Thursday, 29 August 2019

A day on the Beach at Walton-on-the-Naze

20th August 2019

Well of course you are right. When you go to coastal sites like Walton-on-the-Naze in August you are not going to the beach, but hoping to photograph a hatful of migrants, and that certainly was today's plan. And indeed, a whole load of migrants were recorded there that morning, but between 6.00am and 10.00am whereas we did not arrive until just after.

However, we did not know this at the time and set off with high expectations and it was only after about half an hour we realised that the whole site was dead, with all the migrants having moved inland, probably helped on by all the dog walkers. Just a lone Kestrel was sat up on a bush surveying the scene and the only migrants that we saw were a Blackcap, Chiffchaff and a handful of Whitethroats keeping mainly out of sight deep in the bushes.












On the way down the slope were a number of butterflies, like this Red Admiral and Painted Lady nectaring on Ragwort.






Also a superb Volucella zonaria, the Hornet Mimic Hoverfly.




Even the beach was a blaze of colour with several stands of Sea Rocket and Golden Samphire, both maritime specialities.




The air was full of the calls of Sandwich Terns which were very active flying up and down the coast sometimes coming close enough for some shots. I always find photographing terns in flight great fun and quite challenging.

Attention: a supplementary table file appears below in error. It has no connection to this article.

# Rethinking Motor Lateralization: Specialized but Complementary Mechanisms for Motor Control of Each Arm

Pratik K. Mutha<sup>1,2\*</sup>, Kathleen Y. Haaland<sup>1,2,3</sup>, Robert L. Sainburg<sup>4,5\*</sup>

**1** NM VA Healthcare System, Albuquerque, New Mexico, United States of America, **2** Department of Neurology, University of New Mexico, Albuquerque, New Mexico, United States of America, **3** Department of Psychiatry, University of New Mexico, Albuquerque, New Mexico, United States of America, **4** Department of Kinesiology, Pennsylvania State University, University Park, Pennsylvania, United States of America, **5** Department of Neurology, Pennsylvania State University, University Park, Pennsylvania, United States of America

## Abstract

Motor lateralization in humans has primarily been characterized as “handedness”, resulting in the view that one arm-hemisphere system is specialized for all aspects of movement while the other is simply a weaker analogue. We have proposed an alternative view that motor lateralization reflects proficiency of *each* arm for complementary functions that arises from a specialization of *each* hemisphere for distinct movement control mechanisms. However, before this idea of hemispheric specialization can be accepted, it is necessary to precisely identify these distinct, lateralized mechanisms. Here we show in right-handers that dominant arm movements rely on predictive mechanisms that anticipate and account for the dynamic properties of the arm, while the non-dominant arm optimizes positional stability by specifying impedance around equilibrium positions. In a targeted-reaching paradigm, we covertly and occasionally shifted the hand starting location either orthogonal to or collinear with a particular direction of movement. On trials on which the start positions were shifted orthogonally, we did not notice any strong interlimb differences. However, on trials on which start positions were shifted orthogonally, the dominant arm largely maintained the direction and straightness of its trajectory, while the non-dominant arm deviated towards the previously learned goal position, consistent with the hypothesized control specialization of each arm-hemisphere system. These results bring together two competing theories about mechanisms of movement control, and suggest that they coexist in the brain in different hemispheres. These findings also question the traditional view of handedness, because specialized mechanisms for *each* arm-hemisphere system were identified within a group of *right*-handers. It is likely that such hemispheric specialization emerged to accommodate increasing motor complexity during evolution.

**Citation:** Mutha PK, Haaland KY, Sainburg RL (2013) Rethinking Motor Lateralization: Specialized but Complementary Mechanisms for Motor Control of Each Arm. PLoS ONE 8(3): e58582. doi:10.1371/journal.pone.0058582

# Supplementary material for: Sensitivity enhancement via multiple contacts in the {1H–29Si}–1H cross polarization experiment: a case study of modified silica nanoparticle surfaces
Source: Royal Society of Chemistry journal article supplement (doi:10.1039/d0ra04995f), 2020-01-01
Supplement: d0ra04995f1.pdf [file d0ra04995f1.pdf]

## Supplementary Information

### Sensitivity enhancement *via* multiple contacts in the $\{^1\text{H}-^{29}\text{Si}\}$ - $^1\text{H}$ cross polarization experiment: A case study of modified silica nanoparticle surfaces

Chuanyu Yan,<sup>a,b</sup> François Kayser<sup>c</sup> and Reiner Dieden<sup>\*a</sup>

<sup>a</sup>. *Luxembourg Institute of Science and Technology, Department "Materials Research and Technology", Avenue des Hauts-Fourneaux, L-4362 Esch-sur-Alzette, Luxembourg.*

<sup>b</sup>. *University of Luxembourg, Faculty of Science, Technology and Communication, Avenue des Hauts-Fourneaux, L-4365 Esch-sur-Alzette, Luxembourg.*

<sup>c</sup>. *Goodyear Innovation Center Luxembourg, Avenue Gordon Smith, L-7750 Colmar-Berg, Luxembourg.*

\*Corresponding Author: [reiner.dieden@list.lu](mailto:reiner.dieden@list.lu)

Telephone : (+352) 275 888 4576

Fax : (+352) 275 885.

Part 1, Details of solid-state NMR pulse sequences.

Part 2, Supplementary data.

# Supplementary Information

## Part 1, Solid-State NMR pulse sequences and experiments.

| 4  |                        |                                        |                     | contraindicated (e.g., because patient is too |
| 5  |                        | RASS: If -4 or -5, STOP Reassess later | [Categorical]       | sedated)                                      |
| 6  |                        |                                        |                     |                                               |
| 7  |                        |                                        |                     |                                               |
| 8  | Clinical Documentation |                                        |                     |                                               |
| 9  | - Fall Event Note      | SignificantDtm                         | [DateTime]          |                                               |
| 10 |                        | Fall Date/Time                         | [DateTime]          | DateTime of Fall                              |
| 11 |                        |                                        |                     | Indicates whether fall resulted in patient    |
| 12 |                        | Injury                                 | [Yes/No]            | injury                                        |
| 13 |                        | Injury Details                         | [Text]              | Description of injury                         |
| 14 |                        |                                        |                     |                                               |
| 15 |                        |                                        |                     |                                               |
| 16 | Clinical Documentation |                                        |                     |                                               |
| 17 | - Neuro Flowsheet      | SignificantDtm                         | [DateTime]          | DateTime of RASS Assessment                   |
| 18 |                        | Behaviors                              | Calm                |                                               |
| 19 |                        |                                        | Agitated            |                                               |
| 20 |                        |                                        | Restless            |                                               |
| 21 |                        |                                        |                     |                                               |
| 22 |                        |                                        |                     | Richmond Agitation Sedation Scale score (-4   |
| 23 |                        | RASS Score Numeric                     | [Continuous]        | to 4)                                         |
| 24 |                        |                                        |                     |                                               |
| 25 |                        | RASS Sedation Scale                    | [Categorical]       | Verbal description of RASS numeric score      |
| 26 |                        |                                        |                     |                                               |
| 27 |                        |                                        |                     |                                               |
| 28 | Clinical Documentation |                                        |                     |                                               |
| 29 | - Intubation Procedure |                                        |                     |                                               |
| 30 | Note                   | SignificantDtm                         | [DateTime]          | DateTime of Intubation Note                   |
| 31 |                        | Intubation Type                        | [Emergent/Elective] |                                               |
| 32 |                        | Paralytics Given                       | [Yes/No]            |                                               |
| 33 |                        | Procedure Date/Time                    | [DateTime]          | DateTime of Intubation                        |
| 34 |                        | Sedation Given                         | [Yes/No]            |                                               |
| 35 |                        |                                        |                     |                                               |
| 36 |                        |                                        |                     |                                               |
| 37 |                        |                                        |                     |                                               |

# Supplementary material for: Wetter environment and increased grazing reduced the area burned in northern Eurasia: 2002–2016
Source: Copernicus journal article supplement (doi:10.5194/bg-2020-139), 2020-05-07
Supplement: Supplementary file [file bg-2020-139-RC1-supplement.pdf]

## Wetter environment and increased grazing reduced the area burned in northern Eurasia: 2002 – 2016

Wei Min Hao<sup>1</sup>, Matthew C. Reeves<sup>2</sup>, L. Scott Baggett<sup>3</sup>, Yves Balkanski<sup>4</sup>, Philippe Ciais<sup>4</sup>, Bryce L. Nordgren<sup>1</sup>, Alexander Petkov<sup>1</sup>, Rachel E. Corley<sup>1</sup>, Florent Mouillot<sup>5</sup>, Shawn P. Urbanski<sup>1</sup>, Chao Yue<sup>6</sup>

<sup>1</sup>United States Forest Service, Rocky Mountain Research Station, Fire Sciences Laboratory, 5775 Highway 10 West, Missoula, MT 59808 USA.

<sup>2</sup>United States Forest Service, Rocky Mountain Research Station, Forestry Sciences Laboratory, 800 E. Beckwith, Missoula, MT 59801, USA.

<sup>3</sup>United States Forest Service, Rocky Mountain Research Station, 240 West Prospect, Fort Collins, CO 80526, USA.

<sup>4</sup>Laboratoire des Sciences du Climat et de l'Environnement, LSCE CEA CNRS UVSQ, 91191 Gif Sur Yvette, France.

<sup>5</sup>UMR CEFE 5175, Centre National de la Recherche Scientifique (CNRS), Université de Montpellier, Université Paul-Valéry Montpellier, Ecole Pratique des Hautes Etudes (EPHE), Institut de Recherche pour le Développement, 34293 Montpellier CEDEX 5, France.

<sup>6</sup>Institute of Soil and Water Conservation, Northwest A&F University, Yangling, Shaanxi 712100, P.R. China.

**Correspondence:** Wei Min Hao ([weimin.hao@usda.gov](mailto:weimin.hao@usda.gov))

The juveniles are still quite speckly.








The only large waders were three Whimbrel that flew past calling, but only one landed for a photo.


There were very few waders present when we first arrived at the beach, but they then started to fly in on the incoming tide for a quick feed before the high tide roost. The first to arrive were the Turnstones, still displaying their splendid summer plumage.






Just look at those colours!!


Ringed Plovers were also present in small numbers.






However, as the tide continued to encroach there was a large influx and eventually several hundred were present roosting on the gravel above the tide line.










There were also a few Dunlin although nothing compared to the numbers of Ringed Plovers, many of which still sporting their black bellies.

























But the stars of the show today for me were the dozen or so Sanderling, which as usual were fairly approachable. No summer plumages left here, but all busy moulting into their silver grey winter plumage.


























Well what a day. Not quite what we had planned but an excellent outcome nevertheless. One day I will come here when it is buzzing with migrants.............but not at 6.00am!!!!!!